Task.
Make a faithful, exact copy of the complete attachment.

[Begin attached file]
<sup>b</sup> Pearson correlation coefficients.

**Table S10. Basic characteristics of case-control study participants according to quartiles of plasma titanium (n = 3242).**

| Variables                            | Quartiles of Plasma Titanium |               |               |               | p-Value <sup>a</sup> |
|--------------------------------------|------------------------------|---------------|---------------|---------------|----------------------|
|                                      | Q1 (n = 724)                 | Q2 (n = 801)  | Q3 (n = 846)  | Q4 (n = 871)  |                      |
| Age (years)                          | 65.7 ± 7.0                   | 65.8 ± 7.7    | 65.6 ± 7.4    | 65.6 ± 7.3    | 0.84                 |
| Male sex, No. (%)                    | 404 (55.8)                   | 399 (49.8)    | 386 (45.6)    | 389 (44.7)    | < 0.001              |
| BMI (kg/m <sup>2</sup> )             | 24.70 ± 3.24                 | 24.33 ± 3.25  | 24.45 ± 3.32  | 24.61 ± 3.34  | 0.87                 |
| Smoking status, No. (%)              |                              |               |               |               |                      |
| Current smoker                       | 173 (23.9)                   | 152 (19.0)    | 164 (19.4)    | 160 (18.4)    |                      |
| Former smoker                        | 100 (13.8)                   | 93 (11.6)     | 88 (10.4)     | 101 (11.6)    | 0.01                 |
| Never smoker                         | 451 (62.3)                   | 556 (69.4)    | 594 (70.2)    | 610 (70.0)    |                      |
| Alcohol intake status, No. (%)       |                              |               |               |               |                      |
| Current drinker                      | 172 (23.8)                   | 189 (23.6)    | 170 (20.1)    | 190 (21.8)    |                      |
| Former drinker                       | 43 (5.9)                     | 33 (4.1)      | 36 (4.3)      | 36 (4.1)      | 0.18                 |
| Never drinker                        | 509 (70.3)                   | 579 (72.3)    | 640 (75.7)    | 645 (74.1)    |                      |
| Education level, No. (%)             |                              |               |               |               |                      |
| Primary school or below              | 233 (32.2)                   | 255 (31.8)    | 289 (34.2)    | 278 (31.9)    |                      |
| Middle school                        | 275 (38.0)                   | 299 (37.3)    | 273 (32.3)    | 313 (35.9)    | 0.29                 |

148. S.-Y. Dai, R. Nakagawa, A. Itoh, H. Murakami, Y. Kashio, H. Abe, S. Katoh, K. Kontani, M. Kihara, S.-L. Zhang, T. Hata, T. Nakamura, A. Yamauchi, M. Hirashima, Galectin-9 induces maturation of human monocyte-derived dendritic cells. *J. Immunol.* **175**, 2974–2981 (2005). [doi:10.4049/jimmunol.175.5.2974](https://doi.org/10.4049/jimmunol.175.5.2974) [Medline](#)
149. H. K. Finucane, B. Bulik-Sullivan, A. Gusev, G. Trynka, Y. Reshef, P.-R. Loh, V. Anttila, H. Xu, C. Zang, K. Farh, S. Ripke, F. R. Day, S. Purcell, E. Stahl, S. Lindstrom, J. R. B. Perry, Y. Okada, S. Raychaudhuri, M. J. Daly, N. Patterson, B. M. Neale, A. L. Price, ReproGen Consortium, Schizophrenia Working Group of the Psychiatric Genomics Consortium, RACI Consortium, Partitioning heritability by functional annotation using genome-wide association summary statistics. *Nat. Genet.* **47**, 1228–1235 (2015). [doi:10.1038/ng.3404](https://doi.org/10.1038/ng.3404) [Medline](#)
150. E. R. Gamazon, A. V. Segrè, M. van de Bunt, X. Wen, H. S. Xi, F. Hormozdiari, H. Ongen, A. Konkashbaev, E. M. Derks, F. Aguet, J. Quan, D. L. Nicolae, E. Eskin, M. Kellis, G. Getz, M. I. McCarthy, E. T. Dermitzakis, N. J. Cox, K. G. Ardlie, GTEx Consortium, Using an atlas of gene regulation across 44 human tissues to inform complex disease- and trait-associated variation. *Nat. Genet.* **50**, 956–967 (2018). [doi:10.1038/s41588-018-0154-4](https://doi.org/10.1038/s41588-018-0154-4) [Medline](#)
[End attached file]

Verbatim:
<sup>b</sup> Pearson correlation coefficients.

**Table S10. Basic characteristics of case-control study participants according to quartiles of plasma titanium (n = 3242).**

| Variables                            | Quartiles of Plasma Titanium |               |               |               | p-Value <sup>a</sup> |
|--------------------------------------|------------------------------|---------------|---------------|---------------|----------------------|
|                                      | Q1 (n = 724)                 | Q2 (n = 801)  | Q3 (n = 846)  | Q4 (n = 871)  |                      |
| Age (years)                          | 65.7 ± 7.0                   | 65.8 ± 7.7    | 65.6 ± 7.4    | 65.6 ± 7.3    | 0.84                 |
| Male sex, No. (%)                    | 404 (55.8)                   | 399 (49.8)    | 386 (45.6)    | 389 (44.7)    | < 0.001              |
| BMI (kg/m <sup>2</sup> )             | 24.70 ± 3.24                 | 24.33 ± 3.25  | 24.45 ± 3.32  | 24.61 ± 3.34  | 0.87                 |
| Smoking status, No. (%)              |                              |               |               |               |                      |
| Current smoker                       | 173 (23.9)                   | 152 (19.0)    | 164 (19.4)    | 160 (18.4)    |                      |
| Former smoker                        | 100 (13.8)                   | 93 (11.6)     | 88 (10.4)     | 101 (11.6)    | 0.01                 |
| Never smoker                         | 451 (62.3)                   | 556 (69.4)    | 594 (70.2)    | 610 (70.0)    |                      |
| Alcohol intake status, No. (%)       |                              |               |               |               |                      |
| Current drinker                      | 172 (23.8)                   | 189 (23.6)    | 170 (20.1)    | 190 (21.8)    |                      |
| Former drinker                       | 43 (5.9)                     | 33 (4.1)      | 36 (4.3)      | 36 (4.1)      | 0.18                 |
| Never drinker                        | 509 (70.3)                   | 579 (72.3)    | 640 (75.7)    | 645 (74.1)    |                      |
| Education level, No. (%)             |                              |               |               |               |                      |
| Primary school or below              | 233 (32.2)                   | 255 (31.8)    | 289 (34.2)    | 278 (31.9)    |                      |
| Middle school                        | 275 (38.0)                   | 299 (37.3)    | 273 (32.3)    | 313 (35.9)    | 0.29                 |

148. S.-Y. Dai, R. Nakagawa, A. Itoh, H. Murakami, Y. Kashio, H. Abe, S. Katoh, K. Kontani, M. Kihara, S.-L. Zhang, T. Hata, T. Nakamura, A. Yamauchi, M. Hirashima, Galectin-9 induces maturation of human monocyte-derived dendritic cells. *J. Immunol.* **175**, 2974–2981 (2005). [doi:10.4049/jimmunol.175.5.2974](https://doi.org/10.4049/jimmunol.175.5.2974) [Medline](#)
149. H. K. Finucane, B. Bulik-Sullivan, A. Gusev, G. Trynka, Y. Reshef, P.-R. Loh, V. Anttila, H. Xu, C. Zang, K. Farh, S. Ripke, F. R. Day, S. Purcell, E. Stahl, S. Lindstrom, J. R. B. Perry, Y. Okada, S. Raychaudhuri, M. J. Daly, N. Patterson, B. M. Neale, A. L. Price, ReproGen Consortium, Schizophrenia Working Group of the Psychiatric Genomics Consortium, RACI Consortium, Partitioning heritability by functional annotation using genome-wide association summary statistics. *Nat. Genet.* **47**, 1228–1235 (2015). [doi:10.1038/ng.3404](https://doi.org/10.1038/ng.3404) [Medline](#)
150. E. R. Gamazon, A. V. Segrè, M. van de Bunt, X. Wen, H. S. Xi, F. Hormozdiari, H. Ongen, A. Konkashbaev, E. M. Derks, F. Aguet, J. Quan, D. L. Nicolae, E. Eskin, M. Kellis, G. Getz, M. I. McCarthy, E. T. Dermitzakis, N. J. Cox, K. G. Ardlie, GTEx Consortium, Using an atlas of gene regulation across 44 human tissues to inform complex disease- and trait-associated variation. *Nat. Genet.* **50**, 956–967 (2018). [doi:10.1038/s41588-018-0154-4](https://doi.org/10.1038/s41588-018-0154-4) [Medline](#)